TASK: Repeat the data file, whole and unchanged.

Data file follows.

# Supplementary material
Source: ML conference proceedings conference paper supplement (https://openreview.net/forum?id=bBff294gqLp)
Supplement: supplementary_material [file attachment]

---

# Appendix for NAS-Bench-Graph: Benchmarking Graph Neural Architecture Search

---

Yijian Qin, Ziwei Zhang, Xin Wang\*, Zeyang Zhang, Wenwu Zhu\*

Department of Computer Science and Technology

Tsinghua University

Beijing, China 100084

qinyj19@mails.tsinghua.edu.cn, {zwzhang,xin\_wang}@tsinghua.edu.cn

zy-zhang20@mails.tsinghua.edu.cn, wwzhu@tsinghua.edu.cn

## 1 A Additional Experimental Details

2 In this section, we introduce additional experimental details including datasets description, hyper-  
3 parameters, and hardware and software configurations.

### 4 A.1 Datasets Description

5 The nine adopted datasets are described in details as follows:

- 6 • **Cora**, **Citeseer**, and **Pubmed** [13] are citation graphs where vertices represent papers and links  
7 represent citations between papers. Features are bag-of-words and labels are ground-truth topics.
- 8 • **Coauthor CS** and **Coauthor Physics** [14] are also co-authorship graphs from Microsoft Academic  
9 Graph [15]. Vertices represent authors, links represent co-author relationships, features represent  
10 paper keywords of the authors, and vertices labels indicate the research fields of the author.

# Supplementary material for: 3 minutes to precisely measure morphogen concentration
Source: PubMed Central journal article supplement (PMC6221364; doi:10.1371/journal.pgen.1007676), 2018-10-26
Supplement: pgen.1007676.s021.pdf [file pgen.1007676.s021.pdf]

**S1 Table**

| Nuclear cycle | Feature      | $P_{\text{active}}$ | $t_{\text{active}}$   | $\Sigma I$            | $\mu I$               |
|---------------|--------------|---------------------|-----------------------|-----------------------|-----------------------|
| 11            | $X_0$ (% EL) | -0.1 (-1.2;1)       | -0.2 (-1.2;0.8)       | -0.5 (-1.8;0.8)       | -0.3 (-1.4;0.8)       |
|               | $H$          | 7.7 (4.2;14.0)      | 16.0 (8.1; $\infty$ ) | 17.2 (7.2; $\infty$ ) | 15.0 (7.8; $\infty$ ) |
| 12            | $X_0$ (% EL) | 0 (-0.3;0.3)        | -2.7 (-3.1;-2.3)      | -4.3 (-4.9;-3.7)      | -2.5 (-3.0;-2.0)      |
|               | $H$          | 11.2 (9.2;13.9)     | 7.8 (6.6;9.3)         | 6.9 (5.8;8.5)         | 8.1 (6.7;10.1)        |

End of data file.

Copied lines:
# Supplementary material
Source: ML conference proceedings conference paper supplement (https://openreview.net/forum?id=bBff294gqLp)
Supplement: supplementary_material [file attachment]

---

# Appendix for NAS-Bench-Graph: Benchmarking Graph Neural Architecture Search

---

Yijian Qin, Ziwei Zhang, Xin Wang\*, Zeyang Zhang, Wenwu Zhu\*

Department of Computer Science and Technology

Tsinghua University

Beijing, China 100084

qinyj19@mails.tsinghua.edu.cn, {zwzhang,xin\_wang}@tsinghua.edu.cn

zy-zhang20@mails.tsinghua.edu.cn, wwzhu@tsinghua.edu.cn

## 1 A Additional Experimental Details

2 In this section, we introduce additional experimental details including datasets description, hyper-  
3 parameters, and hardware and software configurations.

### 4 A.1 Datasets Description

5 The nine adopted datasets are described in details as follows:

- 6 • **Cora**, **Citeseer**, and **Pubmed** [13] are citation graphs where vertices represent papers and links  
7 represent citations between papers. Features are bag-of-words and labels are ground-truth topics.
- 8 • **Coauthor CS** and **Coauthor Physics** [14] are also co-authorship graphs from Microsoft Academic  
9 Graph [15]. Vertices represent authors, links represent co-author relationships, features represent  
10 paper keywords of the authors, and vertices labels indicate the research fields of the author.

# Supplementary material for: 3 minutes to precisely measure morphogen concentration
Source: PubMed Central journal article supplement (PMC6221364; doi:10.1371/journal.pgen.1007676), 2018-10-26
Supplement: pgen.1007676.s021.pdf [file pgen.1007676.s021.pdf]

**S1 Table**

| Nuclear cycle | Feature      | $P_{\text{active}}$ | $t_{\text{active}}$   | $\Sigma I$            | $\mu I$               |
|---------------|--------------|---------------------|-----------------------|-----------------------|-----------------------|
| 11            | $X_0$ (% EL) | -0.1 (-1.2;1)       | -0.2 (-1.2;0.8)       | -0.5 (-1.8;0.8)       | -0.3 (-1.4;0.8)       |
|               | $H$          | 7.7 (4.2;14.0)      | 16.0 (8.1; $\infty$ ) | 17.2 (7.2; $\infty$ ) | 15.0 (7.8; $\infty$ ) |
| 12            | $X_0$ (% EL) | 0 (-0.3;0.3)        | -2.7 (-3.1;-2.3)      | -4.3 (-4.9;-3.7)      | -2.5 (-3.0;-2.0)      |
|               | $H$          | 11.2 (9.2;13.9)     | 7.8 (6.6;9.3)         | 6.9 (5.8;8.5)         | 8.1 (6.7;10.1)        |